The question of just why Sinclair was in such a godawful hurry to debut the QL is once that’s never been satisfactorily answered. Some have claimed that Sir Clive was eager to preempt Apple’s unveiling of the Macintosh, scheduled for less than two weeks later, but I tend to see this view as implying an awareness of the international computer industry and trends therein that I’m not sure Sir Clive possessed. One thing, however, is clear: the oft-repeated claim that the QL represents the first mass-market 68000-based computer doesn’t hold water. Steve Jobs debuted a working Macintosh on January 24, 1984, and Apple started shipping the Macintosh months before Sinclair did the QL.
As those 28 days stretched into months, events went through the same cycle that had greeted previous Sinclair launches: excitement and anticipation fading into anger and accusations of bad faith and, soon enough, yet another round of investigations and threats by the Advertising Standards Authority. Desperate to show that the QL existed in some form and avoid legal action on behalf of the punters whose money they’d been holding for weeks or months, Sinclair hand-delivered a few dozen machines to journalists and customers in April. These sported an odd accessory: a square appendage hanging off the back of the otherwise sleek case. It seems Sinclair’s engineers had realized at some late date that they couldn’t actually fit everything they were supposed to inside the case. By the time QLs finally started shipping in quantity that summer the unwanted accessory had been removed and its contents somehow stuffed inside the case proper, but that turned out to have been the least of the machine’s problems.
Amongst the more troubling of these was a horrid keyboard, something of another Sinclair tradition by now. Sinclair did deign to give the new machine actual plastic keys in lieu of the famous “dead flesh” rubber keys of the Spectrum, but the keys still rested upon a cheap membrane rather than having the mechanical action of such high-flying competitors as the Commodore VIC-20. The keyboard was awful to type on, a virtual kiss of death all by itself for a supposed business computer. And it soon emerged that the keyboard, like everything else on the QL, didn’t work properly on even its own limited terms. Individual keys either stuck or didn’t register, or did both as the mood struck them. Reports later emerged that Sinclair had actually solicited bids for a mechanical keyboard from a Japanese manufacturer and found it would cost very little if anything more than the membrane job, but elected to stick with the membrane because it was such a “Sinclair trademark.” The mind boggles.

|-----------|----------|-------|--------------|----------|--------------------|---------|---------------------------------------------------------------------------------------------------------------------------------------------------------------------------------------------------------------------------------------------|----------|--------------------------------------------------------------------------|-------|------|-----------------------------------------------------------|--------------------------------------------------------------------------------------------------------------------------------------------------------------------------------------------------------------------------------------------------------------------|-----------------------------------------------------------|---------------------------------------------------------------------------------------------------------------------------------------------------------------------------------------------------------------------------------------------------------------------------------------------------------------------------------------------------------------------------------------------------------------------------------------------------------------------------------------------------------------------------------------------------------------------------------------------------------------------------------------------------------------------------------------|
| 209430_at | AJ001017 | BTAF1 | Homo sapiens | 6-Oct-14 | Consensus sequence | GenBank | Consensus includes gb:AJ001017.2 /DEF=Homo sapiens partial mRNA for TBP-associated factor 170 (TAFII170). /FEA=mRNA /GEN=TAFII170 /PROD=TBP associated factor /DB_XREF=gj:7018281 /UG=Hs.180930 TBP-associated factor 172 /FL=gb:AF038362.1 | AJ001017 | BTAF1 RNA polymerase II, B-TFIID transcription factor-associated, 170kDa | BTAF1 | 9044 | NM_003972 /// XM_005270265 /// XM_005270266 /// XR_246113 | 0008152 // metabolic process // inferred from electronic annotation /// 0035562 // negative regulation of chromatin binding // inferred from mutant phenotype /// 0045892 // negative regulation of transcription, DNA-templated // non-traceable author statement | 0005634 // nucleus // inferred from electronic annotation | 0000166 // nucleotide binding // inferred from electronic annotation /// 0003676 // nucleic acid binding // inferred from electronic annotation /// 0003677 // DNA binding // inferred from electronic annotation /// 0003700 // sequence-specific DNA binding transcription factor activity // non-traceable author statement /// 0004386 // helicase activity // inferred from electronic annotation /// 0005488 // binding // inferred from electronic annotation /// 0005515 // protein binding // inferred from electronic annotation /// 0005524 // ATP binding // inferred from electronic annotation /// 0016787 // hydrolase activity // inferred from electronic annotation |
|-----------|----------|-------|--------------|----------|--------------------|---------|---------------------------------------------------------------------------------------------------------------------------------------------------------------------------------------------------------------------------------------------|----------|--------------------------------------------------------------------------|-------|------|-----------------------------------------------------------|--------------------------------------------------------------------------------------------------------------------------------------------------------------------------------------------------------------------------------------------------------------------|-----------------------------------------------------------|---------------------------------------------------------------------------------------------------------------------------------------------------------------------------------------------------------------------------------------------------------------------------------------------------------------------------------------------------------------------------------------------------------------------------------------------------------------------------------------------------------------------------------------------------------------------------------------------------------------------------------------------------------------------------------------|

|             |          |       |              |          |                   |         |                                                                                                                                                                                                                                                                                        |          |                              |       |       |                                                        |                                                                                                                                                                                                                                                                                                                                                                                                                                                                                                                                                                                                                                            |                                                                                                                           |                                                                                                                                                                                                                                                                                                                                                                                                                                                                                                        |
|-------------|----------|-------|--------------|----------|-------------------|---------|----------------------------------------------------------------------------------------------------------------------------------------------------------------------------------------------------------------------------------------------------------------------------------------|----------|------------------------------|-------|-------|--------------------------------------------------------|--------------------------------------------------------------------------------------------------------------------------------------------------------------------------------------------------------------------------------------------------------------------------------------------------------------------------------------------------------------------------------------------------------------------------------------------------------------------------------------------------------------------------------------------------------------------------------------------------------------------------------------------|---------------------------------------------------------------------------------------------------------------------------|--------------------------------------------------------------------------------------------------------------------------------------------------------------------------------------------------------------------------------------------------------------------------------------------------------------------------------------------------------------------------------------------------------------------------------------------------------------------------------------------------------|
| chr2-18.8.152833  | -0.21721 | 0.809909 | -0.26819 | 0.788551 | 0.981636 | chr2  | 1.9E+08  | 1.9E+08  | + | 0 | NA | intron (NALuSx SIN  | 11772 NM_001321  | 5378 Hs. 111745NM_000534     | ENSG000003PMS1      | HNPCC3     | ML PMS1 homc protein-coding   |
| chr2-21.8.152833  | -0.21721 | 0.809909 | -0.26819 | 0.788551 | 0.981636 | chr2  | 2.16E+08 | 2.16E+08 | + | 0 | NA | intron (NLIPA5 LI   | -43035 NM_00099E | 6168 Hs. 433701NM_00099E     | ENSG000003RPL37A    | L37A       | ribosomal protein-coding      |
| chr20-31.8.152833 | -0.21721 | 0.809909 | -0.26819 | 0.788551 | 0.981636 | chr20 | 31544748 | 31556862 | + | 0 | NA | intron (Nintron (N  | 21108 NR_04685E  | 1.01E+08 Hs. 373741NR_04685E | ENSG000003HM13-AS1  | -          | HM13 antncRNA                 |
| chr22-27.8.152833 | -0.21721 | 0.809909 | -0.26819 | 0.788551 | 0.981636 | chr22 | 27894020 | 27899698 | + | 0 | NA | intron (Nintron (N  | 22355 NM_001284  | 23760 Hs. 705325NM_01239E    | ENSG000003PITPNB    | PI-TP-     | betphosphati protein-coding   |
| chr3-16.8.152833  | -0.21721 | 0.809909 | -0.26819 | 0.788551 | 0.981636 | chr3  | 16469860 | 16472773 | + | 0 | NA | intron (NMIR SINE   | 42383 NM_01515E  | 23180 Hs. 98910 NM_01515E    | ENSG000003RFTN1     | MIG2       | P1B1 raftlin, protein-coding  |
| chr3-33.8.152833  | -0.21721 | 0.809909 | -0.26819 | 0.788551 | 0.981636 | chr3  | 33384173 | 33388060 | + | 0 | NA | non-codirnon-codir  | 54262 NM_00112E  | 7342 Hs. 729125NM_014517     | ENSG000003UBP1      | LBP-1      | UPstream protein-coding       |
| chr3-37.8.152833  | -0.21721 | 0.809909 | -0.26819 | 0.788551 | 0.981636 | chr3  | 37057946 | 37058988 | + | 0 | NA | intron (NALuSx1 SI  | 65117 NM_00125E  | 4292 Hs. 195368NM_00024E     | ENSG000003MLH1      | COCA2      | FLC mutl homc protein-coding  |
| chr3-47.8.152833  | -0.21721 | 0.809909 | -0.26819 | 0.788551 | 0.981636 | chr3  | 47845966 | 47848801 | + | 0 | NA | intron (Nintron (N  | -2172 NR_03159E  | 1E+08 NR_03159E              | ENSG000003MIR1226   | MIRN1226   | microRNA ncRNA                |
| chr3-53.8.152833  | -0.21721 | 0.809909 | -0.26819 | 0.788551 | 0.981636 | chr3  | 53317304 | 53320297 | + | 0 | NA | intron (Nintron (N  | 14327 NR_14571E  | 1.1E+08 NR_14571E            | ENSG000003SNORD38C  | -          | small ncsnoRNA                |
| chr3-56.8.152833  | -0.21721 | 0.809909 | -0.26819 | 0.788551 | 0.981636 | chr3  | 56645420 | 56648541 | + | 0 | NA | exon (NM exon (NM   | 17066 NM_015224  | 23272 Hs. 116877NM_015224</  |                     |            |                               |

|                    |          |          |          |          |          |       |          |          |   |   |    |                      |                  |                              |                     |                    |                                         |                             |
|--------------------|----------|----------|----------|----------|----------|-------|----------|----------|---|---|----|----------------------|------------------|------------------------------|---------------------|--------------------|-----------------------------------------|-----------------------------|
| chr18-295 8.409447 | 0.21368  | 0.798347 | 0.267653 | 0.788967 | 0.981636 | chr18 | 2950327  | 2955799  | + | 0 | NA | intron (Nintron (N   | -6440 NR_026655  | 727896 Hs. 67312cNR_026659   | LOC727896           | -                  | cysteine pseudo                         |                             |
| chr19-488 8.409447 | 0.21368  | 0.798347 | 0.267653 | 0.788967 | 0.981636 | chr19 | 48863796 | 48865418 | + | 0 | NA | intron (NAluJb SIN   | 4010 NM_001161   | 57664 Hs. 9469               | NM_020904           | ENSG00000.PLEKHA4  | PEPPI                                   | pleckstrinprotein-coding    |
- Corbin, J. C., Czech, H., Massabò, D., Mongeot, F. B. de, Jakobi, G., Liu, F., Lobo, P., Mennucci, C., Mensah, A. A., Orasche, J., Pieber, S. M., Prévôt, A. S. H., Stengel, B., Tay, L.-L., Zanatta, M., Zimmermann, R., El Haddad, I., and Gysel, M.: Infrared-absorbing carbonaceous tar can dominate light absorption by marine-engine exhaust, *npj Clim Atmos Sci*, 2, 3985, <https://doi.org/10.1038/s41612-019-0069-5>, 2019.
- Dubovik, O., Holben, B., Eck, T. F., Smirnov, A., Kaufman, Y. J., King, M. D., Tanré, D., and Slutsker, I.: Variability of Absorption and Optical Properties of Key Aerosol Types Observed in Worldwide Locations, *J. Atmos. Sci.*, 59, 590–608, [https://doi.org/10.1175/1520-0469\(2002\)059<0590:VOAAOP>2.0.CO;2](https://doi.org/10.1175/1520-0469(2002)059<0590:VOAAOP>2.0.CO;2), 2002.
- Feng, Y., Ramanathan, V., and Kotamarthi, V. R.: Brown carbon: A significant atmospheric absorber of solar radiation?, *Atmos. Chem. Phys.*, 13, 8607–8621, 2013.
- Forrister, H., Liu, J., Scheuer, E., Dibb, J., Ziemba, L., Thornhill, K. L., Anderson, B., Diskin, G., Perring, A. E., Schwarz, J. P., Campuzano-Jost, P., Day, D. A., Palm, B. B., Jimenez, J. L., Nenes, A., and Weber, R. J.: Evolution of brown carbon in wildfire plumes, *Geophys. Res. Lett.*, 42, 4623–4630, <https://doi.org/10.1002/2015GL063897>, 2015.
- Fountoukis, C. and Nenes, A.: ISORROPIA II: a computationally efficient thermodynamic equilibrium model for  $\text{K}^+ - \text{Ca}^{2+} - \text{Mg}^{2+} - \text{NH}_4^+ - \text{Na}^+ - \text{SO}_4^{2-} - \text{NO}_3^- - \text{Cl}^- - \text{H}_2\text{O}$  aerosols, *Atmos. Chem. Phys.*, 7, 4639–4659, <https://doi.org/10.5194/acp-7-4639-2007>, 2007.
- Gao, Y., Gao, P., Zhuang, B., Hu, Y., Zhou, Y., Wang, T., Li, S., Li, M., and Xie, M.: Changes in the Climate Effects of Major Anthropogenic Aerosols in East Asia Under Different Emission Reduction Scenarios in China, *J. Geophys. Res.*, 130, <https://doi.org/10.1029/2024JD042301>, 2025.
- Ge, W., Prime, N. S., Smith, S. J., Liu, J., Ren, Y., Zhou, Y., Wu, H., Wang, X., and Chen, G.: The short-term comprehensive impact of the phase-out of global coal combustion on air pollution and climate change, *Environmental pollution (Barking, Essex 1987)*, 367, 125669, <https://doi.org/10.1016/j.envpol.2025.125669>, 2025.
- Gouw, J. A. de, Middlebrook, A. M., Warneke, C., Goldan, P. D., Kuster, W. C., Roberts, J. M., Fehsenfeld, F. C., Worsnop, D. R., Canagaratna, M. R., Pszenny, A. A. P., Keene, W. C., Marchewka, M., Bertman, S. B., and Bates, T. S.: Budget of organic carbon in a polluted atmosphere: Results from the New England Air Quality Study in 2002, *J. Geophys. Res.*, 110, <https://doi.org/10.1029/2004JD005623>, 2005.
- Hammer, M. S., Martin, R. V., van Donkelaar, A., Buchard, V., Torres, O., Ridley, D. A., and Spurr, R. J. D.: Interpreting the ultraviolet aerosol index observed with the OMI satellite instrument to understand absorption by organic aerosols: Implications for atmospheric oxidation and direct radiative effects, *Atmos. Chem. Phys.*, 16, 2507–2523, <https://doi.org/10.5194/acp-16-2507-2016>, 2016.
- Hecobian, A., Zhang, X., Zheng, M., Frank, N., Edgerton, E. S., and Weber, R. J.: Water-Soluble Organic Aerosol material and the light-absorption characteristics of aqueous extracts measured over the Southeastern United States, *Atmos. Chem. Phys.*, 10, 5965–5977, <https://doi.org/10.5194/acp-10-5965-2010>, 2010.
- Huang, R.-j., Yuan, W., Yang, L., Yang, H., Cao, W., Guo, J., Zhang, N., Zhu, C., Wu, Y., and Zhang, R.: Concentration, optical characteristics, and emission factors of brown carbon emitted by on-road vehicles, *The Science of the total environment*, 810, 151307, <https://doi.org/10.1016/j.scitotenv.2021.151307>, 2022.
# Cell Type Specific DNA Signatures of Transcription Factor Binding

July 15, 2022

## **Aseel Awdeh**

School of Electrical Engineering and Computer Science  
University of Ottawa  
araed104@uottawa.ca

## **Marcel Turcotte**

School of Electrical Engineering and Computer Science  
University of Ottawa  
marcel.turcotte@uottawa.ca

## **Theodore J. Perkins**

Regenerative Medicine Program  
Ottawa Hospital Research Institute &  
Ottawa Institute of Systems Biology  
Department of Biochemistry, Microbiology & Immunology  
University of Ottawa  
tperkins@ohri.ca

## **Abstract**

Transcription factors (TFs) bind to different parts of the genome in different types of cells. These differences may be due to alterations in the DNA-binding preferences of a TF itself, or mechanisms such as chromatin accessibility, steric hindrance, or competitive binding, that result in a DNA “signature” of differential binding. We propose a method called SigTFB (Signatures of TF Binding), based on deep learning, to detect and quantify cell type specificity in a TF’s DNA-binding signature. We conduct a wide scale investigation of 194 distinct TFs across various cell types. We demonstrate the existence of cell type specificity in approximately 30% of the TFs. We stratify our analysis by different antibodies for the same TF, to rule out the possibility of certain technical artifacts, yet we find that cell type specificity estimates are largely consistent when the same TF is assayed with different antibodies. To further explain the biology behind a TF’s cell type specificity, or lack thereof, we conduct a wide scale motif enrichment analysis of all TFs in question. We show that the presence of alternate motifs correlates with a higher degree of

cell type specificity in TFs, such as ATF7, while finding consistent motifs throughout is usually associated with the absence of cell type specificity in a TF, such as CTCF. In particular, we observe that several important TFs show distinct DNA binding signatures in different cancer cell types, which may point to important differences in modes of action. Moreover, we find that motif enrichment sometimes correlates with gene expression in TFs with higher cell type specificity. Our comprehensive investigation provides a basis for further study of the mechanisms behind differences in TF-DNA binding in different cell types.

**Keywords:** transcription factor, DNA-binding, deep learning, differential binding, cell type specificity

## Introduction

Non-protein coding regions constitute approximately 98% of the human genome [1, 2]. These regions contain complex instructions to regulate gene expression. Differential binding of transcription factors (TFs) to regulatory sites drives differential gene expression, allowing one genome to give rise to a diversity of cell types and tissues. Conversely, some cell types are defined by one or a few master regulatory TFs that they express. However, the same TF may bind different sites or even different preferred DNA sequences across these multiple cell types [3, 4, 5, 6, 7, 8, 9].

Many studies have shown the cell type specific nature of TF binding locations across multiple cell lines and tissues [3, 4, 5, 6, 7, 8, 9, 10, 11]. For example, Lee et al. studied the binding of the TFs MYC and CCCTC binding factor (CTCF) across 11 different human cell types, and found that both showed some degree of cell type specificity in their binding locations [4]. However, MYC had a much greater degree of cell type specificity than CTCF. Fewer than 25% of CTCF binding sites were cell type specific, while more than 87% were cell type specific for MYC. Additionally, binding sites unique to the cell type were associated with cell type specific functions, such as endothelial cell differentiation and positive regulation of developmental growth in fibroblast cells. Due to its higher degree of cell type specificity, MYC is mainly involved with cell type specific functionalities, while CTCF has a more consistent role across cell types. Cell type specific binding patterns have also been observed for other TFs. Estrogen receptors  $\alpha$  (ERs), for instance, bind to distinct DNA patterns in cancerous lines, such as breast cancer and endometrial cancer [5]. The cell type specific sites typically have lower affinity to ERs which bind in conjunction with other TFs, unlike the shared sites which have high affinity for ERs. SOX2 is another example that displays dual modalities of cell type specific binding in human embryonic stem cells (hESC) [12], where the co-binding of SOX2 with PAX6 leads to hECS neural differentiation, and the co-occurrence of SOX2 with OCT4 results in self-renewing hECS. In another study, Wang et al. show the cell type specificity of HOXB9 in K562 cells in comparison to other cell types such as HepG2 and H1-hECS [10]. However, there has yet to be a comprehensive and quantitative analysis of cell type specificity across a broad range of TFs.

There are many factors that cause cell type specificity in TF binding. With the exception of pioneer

And then there were the performance problems brought on by a perfect storm of a crippled CPU, the Microdrives, and the poorly written business software that came with the machine. Your Computer magazine published the following astonishing account of what it took to save a 750-word document in the word processor:
1. Press F3 key followed by 6. A period of 35 seconds elapses by which time the computer has found the save section of Quill and then asks if I wish to save the default file, i.e. the file I am working on.
2. Press ENTER. After a further 10 seconds the computer finds that the file already exists and asks if I wish to overwrite it.
3. Press Y. A period of 100 seconds elapses while the old file is erased and the new one saved and verified in its place. The user is then asked if he wishes to carry on with the same document.
4. Press ENTER. Why a further 25 seconds is required here is beyond me as the file must be in memory as we have just saved it. Unfortunately, the file is now at the start, so to get back to where I was:
5. Press F3 key then G followed by B. The Goto procedure to get to the bottom of the file, a further 28 seconds.
For those keeping score, that’s 3 minutes and 18 seconds to save a 750-word document. For a 3000-word document, that time jumped to a full five minutes.
Your Computer concluded their review of the QL with a prime demonstration of the crazily mixed messaging that marked all coverage of the machine. It was “slightly tacky,” “the time for foisting unproven products on the marketplace has gone,” and “it would be a brave business which would entrust essential data to Microdrives.” Yet it was also a “fascinating package” and “certain to be a commercial success.” It arguably was “fascinating” in its own peculiar way. “Commercial success,” however, wasn’t in the cards. Sinclair did keep plugging away at the QL for months after its release, and did manage to make it moderately more usable. But the damage was long since done. Even the generally forgiving British public couldn’t accept the eccentricities of this particular Sinclair creation. Sales were atrocious. Still, Sir Clive, never one to give up easily, continued to sell and promote it for almost two years.